Past Event

Financial inclusion of SMEs for growth and job creation

How can increased access to finance benefit SMEs? What reforms are needed to encourage SME financial inclusion?

Date: June 21, 2019, 12:30 pm Topic: Global economy and trade

video & audio recordings

summary

At this event we looked at how small and medium-sized enterprises’ (SMEs) financial inclusion is at the core of the economic diversification, growth, and job creation challenges many countries are facing.

This event featured the presentation of Financial inclusion of SMEs in the Middle East and Central Asia, a recent paper by the IMF, which discusses the macroeconomic benefits that could stem from improved access to finance for SMEs in these two regions, which lag behind other regions when it comes to SME access to finance. It also highlights the range of reforms needed to unlock SME financial inclusion—from macro-financial conditions and public sector size, to institutional and regulatory issues related to competition, credit information, property rights and solvency frameworks.

Jihad Azour provided the opening remarks on the inspiration for the project on financial inclusion of SMEs (small and medium-sized enterprises). The project wanted to focus on the following questions: How important is access to finance for SMEs to the economy? Is it macro relevant? How can the level of finance for SMEs be increased? What are the key bottle necks? How can access be mainstreamed at the country level?
They concluded that increasing financial access for SMEs would grow the economy and it will have a positive impact on employment. The project also looked at how, and especially in the Middle East, countries can scale up their support for SMEs. Azour also asserted that the demand for finance from SMEs is weak and they are not well prepared. In the future the project will look at financial support for SMEs from non-banking sources such as Fintech.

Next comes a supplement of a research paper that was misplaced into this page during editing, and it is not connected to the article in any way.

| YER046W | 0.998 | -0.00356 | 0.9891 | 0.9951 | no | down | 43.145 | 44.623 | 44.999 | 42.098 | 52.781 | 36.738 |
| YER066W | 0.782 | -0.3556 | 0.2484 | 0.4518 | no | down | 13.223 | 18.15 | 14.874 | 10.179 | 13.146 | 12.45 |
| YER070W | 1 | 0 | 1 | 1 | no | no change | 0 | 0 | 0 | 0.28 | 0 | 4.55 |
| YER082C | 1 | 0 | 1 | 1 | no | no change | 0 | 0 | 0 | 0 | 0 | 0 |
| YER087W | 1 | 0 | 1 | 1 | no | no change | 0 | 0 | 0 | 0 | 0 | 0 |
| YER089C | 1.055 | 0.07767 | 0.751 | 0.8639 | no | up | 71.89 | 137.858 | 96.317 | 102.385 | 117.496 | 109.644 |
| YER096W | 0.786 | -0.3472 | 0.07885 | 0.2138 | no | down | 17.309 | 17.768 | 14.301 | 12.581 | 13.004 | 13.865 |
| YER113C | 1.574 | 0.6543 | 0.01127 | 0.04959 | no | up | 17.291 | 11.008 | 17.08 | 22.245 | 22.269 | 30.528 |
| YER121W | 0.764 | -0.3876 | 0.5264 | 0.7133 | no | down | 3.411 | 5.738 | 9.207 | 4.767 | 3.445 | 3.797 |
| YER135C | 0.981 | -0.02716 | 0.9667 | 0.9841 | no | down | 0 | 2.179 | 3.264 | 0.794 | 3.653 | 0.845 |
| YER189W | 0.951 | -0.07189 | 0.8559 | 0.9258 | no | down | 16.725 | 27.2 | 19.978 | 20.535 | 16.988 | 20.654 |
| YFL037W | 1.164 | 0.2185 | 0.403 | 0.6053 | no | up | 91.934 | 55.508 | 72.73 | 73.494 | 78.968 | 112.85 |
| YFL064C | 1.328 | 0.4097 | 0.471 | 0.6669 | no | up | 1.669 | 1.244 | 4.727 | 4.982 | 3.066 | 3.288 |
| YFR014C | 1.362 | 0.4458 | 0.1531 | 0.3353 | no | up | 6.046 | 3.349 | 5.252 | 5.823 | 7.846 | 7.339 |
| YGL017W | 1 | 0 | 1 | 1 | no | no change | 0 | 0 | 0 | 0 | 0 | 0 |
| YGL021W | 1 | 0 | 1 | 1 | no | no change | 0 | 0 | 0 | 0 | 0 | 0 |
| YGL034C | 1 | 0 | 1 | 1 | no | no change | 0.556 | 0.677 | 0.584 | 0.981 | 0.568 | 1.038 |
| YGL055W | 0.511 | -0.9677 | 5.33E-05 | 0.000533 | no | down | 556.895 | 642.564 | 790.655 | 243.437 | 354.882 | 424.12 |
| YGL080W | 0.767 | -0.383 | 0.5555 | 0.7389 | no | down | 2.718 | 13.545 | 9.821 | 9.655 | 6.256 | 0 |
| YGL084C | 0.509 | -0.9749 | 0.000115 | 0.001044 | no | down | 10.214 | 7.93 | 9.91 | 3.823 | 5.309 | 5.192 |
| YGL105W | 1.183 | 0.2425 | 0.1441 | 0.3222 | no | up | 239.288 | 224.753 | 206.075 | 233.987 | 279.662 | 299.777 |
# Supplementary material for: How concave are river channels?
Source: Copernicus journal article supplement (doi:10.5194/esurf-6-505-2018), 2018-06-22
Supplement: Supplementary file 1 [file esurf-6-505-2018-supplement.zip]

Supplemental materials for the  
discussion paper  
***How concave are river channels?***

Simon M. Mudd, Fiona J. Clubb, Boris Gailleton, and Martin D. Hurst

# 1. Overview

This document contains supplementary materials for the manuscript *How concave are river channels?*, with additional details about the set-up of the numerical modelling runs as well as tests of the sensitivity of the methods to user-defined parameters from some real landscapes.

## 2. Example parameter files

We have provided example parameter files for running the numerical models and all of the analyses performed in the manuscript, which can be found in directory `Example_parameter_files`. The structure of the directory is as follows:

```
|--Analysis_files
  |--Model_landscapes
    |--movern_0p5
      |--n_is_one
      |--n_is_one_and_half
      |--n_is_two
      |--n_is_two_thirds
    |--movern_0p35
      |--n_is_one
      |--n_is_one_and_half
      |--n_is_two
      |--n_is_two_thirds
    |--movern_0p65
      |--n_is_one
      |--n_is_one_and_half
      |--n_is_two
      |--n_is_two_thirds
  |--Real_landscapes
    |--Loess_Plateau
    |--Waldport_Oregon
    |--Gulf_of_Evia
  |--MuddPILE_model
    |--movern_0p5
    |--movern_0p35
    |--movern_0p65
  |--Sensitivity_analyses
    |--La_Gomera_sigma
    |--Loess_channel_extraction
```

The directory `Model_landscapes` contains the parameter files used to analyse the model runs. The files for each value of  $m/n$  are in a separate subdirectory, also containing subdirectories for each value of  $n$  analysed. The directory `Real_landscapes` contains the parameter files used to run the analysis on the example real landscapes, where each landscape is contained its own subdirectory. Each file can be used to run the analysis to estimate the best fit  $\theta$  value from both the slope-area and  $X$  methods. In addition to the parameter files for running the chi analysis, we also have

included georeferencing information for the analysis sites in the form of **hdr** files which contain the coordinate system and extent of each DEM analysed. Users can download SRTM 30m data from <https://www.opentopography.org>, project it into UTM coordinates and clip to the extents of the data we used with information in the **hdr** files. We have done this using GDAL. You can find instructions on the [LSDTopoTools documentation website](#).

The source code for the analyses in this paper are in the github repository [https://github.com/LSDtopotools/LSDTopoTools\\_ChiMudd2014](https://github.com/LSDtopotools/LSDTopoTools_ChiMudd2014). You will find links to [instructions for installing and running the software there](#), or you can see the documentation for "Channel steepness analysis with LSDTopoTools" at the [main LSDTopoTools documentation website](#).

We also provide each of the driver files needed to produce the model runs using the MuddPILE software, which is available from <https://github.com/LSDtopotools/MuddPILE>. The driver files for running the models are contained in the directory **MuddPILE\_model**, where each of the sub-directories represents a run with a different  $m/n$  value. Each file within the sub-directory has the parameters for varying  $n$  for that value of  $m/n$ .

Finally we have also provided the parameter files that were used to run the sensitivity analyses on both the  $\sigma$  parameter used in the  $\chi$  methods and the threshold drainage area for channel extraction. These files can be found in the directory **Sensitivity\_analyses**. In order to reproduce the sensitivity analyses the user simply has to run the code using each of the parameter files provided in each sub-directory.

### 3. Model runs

Anta Ndoye provided a presentation to discuss the project in more detail. Ndoye provided some stylized facts on SMEs such as SMEs represent over half of the total workforce in the private sector. Despite such presence of SMEs in the MENA (Middle East and North Africa) and CA (Central Asia) region only receive 7% of the bank credit. One main takeaway Ndoye highlighted from the project was that in the MENA and CA region increase finance to SMEs is estimated to lead to growth gains up to 1%. Ndoye then spoke on five key pillars to scale up financing for SMEs: Economic enablers, governance, financial infrastructure, economic competition, and business environment. Ndoye highlighted the role Fintech can play in increasing finance to SMEs by both enhancing tradition sources (credit information, real-time credit scores, competition) and by creating new channels (crowdfunding and peep-to-peer lending). Ndoye concluded that to increase SMEs financial inclusion a holistic policy approach is needed. This means an approach that considers business environment, political and macro stability, and institutions.
Going forward the project will focus on more granular and tailored advice for countries. It will also focus more on the demand side of financial access. The project is developing a SME financial inclusion toolkit, available within the next months, that will asses the state of SME financial inclusion, highlight the main drivers of SME financial inclusion gap, and identify the key policy priorities to scale up SME access to finance.